What we know about Tamerlan Tsarnaev is that he was (a) Muslim and (b) enraged about something. Was he enraged, a la Sayyid Qutb, about the sexual libertinism of American culture? Was he enraged about perceived American support for Russia against Chechen rebels? Was he enraged about American wars in Iraq and Afghanistan? Was he acting on orders from a foreign terrorist group?
We don’t know yet. Yes, there’s plainly evidence of his growing Islamic extremism over the past three years. But if there’s anything we’ve learned over the last week, it’s that jumping to conclusions on this stuff is foolish.
This is high-minded nonsense. We know full well that Tamerlan had become a total extremist in his religion. He was thrown out of his own mosque for being a bigot; his family complained about his obsessive religiosity; he berated others for not being sufficiently devout; he had archaic notions of women’s role in society; he gave up his beloved boxing because of Islam. His YouTube account is full of Islamist extremism. And he deployed terrorist violence because of it.
That’s Jihad, Kevin. It’s religion in its most toxic form – as the AP finally acknowledged last night.
It doesn’t need a foreign terror group for it to be Jihad; it’s obviously not Chechen nationalism – because that would mean attacking Russia, not the Boston Marathon, a symbol of co-ed multi-cultural secularism. I think some liberals who have never experienced religious faith find it hard to imagine how faith alone can spur someone to mass murder. They need to get out more.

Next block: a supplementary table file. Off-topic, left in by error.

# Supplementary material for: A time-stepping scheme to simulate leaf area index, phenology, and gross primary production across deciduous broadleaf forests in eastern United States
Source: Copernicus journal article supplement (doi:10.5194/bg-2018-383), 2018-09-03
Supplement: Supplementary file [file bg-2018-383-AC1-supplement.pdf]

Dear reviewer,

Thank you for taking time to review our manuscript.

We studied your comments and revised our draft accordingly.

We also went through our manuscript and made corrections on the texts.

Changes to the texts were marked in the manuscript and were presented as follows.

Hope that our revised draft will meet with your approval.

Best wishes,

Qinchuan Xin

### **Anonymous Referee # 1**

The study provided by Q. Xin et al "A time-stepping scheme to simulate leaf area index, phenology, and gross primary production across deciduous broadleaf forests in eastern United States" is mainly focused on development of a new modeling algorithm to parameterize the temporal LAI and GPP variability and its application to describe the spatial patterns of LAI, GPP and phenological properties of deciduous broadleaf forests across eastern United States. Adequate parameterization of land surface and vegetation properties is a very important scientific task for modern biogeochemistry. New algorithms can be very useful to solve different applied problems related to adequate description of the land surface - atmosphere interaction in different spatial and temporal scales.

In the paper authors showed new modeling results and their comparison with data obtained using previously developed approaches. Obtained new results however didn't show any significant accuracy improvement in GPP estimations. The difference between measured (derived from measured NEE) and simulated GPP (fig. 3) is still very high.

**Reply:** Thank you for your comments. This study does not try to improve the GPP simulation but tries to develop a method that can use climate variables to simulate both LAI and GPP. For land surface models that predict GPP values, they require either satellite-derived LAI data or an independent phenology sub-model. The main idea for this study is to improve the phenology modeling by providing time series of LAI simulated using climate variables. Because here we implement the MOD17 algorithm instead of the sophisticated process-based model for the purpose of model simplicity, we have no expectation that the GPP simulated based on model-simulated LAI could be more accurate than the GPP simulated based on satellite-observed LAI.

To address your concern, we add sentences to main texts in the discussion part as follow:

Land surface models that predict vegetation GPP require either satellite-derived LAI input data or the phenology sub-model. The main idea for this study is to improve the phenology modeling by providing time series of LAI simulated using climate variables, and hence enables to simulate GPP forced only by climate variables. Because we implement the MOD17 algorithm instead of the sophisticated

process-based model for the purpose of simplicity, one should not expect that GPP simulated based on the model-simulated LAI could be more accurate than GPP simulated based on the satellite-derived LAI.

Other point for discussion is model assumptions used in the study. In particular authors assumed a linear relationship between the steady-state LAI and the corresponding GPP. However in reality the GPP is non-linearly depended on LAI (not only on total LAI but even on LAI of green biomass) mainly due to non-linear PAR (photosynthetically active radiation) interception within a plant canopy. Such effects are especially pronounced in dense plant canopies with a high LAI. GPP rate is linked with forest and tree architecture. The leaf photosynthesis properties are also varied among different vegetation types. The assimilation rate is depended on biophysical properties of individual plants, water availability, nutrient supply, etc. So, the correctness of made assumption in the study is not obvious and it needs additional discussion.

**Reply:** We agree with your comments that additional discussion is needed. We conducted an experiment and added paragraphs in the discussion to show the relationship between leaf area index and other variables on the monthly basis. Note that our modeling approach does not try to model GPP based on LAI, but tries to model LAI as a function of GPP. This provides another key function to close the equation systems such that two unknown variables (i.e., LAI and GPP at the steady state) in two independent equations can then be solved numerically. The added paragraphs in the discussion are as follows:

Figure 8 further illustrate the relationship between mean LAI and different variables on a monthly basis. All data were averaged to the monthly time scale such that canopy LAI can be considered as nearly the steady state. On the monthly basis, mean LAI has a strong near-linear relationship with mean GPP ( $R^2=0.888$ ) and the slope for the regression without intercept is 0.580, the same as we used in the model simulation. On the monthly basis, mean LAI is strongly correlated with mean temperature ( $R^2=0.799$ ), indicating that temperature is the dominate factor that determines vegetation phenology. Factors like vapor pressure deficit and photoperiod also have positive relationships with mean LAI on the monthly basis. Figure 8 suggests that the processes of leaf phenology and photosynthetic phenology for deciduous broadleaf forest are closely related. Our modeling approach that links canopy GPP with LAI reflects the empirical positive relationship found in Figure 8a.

Friedersdorf writes that, if forced “to bet right now on this case, I’d put my money on the jihadist explanation too.” But he agrees with Drum:
Since 9/11, there have been numerous instances in which jumping to conclusions based on imperfect information caused damage. Think of all the people who confidently insisted on the obviousness of Dr. Steven J. Hatfill’s guilt, or Saddam Hussein’s possession of weapons of mass destruction, or the notion that all Guantanamo Bay prisoners were “the worst of the worst.” Has any harm ever been caused by a War on Terror pundit’s stubborn insistence on delaying judgement?
Yes, the information is imperfect. Yes, if all of this is some kind of set-up, I may have to recant. And I have always said that personal and psychological dynamics are obviously part of the picture, as they are with any crime. But just as silly as jumping to conclusions prematurely is the posture of aloof skepticism when the bleeding obvious is staring right at you. This was religious violence – the most terrifying any can be, because its perpetrators believe that God Almighty is protecting them.
And, to make an obvious but often overlooked point: here is a core difference between diagnosing Jihad and responding to it Cheney-style. You can do one without the other.